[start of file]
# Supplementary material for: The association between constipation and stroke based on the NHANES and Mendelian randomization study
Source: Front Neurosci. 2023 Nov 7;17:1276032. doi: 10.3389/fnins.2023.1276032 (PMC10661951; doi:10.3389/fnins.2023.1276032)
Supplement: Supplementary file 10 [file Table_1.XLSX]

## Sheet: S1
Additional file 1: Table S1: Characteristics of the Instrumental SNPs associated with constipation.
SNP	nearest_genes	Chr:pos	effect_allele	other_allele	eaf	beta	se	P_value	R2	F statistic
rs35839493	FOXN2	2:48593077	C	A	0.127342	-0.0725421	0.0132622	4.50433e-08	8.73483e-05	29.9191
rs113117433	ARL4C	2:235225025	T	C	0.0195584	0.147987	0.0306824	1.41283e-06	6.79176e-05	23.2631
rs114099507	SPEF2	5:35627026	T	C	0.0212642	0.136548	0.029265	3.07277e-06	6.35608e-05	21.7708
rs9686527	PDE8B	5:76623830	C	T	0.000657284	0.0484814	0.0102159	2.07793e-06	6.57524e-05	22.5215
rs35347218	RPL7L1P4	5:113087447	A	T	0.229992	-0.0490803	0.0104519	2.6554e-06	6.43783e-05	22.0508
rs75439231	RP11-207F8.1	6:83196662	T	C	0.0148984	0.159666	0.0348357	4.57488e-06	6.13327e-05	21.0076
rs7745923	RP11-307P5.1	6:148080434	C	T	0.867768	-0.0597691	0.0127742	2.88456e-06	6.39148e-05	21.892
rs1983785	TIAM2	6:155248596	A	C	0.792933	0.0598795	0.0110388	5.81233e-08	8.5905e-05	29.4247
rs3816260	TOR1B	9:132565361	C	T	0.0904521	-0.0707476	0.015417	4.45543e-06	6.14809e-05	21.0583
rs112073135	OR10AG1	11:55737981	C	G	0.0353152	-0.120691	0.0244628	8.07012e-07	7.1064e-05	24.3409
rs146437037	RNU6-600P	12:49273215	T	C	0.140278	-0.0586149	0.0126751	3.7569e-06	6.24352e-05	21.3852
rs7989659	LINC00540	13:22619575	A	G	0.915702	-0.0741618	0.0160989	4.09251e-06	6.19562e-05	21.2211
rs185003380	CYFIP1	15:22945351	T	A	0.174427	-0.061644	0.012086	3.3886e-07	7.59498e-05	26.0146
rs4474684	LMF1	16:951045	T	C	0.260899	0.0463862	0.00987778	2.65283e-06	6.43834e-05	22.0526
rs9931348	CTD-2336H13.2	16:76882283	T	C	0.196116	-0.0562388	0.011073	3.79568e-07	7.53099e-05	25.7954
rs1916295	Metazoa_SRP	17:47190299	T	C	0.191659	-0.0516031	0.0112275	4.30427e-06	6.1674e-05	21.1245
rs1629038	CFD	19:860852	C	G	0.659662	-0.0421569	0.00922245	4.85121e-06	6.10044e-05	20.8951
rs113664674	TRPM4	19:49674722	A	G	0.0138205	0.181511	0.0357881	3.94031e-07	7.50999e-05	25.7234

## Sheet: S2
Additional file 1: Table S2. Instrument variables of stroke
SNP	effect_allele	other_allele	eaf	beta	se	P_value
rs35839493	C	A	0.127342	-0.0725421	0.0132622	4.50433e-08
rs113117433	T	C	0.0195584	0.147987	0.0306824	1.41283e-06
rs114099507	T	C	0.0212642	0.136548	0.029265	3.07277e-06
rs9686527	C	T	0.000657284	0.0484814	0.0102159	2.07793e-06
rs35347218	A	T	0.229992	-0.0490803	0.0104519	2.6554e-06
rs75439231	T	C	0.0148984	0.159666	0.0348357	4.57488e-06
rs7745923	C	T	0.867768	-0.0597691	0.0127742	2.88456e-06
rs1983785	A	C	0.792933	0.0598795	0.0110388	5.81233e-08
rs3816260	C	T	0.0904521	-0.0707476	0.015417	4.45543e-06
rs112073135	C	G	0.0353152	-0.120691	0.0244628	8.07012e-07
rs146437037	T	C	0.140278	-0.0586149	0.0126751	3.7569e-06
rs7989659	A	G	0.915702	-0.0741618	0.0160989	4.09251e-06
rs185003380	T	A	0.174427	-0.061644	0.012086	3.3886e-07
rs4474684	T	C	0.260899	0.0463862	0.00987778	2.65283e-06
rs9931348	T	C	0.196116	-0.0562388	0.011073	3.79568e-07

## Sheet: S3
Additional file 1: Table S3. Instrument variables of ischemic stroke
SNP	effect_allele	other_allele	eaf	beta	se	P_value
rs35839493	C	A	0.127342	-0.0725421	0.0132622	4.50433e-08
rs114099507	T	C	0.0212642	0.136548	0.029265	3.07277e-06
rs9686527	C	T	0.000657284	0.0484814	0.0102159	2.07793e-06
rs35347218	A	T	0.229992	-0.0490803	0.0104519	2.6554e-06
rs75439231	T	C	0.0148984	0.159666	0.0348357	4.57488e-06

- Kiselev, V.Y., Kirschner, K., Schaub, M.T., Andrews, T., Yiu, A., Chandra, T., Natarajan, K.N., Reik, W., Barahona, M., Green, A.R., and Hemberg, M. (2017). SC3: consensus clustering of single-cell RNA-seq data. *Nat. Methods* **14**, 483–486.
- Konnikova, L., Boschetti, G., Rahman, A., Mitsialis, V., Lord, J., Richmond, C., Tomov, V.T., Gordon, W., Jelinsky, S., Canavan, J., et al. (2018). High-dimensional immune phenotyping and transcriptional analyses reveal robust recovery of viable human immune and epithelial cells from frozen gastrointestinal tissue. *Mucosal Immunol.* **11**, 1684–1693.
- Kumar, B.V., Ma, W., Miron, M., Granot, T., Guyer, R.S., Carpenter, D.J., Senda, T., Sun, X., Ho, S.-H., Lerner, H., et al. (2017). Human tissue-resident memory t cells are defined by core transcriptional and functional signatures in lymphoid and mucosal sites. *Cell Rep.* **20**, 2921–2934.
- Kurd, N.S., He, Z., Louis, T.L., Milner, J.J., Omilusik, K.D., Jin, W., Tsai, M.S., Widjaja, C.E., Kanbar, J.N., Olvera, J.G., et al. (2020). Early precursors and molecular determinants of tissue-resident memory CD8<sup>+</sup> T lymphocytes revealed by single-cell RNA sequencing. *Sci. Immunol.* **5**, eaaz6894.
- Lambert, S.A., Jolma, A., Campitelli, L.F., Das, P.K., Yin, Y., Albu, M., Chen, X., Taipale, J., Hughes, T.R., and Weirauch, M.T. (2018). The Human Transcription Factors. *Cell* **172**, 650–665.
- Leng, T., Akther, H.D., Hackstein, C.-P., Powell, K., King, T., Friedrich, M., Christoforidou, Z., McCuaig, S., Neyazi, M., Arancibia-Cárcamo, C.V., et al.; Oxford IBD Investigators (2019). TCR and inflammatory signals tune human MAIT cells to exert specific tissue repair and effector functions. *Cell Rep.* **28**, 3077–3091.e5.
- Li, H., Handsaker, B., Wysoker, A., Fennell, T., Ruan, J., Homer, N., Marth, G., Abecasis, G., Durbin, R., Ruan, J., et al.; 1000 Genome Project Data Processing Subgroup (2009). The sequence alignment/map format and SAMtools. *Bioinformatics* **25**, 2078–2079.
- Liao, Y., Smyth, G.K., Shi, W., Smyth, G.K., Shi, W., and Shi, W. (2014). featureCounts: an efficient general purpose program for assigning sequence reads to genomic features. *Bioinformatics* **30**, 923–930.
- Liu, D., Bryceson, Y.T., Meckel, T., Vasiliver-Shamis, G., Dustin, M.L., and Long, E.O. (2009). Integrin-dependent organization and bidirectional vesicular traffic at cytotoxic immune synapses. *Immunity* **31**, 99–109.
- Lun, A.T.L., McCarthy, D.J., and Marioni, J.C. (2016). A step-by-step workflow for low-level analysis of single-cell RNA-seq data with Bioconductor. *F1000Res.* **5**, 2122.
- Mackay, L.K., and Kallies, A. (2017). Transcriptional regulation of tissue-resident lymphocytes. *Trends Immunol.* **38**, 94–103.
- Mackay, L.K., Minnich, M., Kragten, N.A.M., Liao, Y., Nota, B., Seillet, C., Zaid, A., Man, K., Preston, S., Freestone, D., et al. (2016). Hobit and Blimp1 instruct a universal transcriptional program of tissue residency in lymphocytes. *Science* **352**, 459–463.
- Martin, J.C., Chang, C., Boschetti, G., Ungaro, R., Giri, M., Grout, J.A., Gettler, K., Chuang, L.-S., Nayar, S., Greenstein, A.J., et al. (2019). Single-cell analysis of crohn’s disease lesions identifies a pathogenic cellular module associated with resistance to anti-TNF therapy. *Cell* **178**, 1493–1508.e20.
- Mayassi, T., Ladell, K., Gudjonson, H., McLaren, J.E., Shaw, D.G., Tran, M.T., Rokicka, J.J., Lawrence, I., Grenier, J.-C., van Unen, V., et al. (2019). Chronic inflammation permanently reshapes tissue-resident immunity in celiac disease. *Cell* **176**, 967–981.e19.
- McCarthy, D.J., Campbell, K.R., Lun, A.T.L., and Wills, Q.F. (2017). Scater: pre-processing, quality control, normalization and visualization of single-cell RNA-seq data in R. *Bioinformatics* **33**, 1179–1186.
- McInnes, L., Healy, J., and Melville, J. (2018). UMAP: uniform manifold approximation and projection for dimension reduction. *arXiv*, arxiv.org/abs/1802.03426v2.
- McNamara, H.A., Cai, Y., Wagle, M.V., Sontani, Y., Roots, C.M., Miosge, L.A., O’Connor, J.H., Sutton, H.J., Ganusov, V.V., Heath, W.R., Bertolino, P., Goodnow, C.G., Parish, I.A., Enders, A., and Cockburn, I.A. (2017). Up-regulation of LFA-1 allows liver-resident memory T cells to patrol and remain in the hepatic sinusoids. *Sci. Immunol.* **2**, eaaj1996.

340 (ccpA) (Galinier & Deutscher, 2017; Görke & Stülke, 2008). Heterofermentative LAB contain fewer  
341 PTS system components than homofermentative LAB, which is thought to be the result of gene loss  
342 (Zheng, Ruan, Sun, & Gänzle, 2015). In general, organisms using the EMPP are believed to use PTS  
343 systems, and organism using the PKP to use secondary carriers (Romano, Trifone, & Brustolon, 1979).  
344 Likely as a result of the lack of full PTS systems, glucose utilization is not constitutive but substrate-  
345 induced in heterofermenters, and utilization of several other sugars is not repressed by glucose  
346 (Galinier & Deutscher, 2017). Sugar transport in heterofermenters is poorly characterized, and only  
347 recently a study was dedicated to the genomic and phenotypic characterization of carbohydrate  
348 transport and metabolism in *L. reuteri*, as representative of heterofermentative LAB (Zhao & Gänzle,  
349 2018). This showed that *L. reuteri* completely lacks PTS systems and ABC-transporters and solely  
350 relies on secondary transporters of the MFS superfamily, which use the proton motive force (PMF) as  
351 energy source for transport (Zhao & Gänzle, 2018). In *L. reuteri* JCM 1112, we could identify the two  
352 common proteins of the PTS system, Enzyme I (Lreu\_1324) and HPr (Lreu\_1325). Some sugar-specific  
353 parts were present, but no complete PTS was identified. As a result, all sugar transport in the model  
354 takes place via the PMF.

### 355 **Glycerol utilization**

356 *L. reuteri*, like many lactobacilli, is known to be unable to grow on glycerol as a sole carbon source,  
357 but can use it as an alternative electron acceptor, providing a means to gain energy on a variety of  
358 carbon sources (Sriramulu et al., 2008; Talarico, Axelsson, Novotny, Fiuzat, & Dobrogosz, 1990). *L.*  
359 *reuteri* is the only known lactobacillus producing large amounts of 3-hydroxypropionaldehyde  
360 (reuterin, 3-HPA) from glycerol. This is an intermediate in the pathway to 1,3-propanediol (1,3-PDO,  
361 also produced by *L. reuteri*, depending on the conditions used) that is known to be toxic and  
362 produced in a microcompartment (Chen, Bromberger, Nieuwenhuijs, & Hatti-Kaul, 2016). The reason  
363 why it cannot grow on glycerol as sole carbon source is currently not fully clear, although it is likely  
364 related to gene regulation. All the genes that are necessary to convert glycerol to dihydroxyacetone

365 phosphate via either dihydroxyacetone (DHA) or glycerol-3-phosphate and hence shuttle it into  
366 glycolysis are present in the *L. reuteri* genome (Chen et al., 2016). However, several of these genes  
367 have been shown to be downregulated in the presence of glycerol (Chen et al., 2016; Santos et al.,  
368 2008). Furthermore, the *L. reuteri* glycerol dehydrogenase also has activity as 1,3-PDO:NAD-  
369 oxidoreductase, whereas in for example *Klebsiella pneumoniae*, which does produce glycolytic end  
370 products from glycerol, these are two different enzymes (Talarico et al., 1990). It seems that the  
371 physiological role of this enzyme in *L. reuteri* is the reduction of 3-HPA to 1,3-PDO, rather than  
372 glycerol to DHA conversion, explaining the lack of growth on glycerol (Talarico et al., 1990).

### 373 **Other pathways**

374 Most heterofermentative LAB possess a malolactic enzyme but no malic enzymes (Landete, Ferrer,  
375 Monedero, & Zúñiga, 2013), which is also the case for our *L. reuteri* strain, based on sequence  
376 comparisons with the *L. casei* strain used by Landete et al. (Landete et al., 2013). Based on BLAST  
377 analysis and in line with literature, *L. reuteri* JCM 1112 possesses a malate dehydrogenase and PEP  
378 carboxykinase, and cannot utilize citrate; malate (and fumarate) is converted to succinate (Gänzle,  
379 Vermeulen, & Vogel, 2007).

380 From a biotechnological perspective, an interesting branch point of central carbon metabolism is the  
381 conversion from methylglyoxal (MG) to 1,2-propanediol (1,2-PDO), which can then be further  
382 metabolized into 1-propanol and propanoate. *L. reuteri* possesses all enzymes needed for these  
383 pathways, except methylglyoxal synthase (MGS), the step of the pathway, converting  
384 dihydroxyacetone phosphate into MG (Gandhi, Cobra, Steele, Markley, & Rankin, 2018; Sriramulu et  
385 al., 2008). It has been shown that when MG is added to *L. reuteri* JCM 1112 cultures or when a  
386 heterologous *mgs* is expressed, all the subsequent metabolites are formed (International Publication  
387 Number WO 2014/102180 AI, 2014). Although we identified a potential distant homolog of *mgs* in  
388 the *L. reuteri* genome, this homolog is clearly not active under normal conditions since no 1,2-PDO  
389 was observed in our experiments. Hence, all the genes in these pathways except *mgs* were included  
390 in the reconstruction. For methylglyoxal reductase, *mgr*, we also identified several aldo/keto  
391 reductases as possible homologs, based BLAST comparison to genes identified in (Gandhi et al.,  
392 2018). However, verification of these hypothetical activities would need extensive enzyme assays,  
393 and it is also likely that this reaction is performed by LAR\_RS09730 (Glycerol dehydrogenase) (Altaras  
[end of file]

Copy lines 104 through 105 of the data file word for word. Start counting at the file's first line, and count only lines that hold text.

376 comparisons with the *L. casei* strain used by Landete et al. (Landete et al., 2013). Based on BLAST  
377 analysis and in line with literature, *L. reuteri* JCM 1112 possesses a malate dehydrogenase and PEP  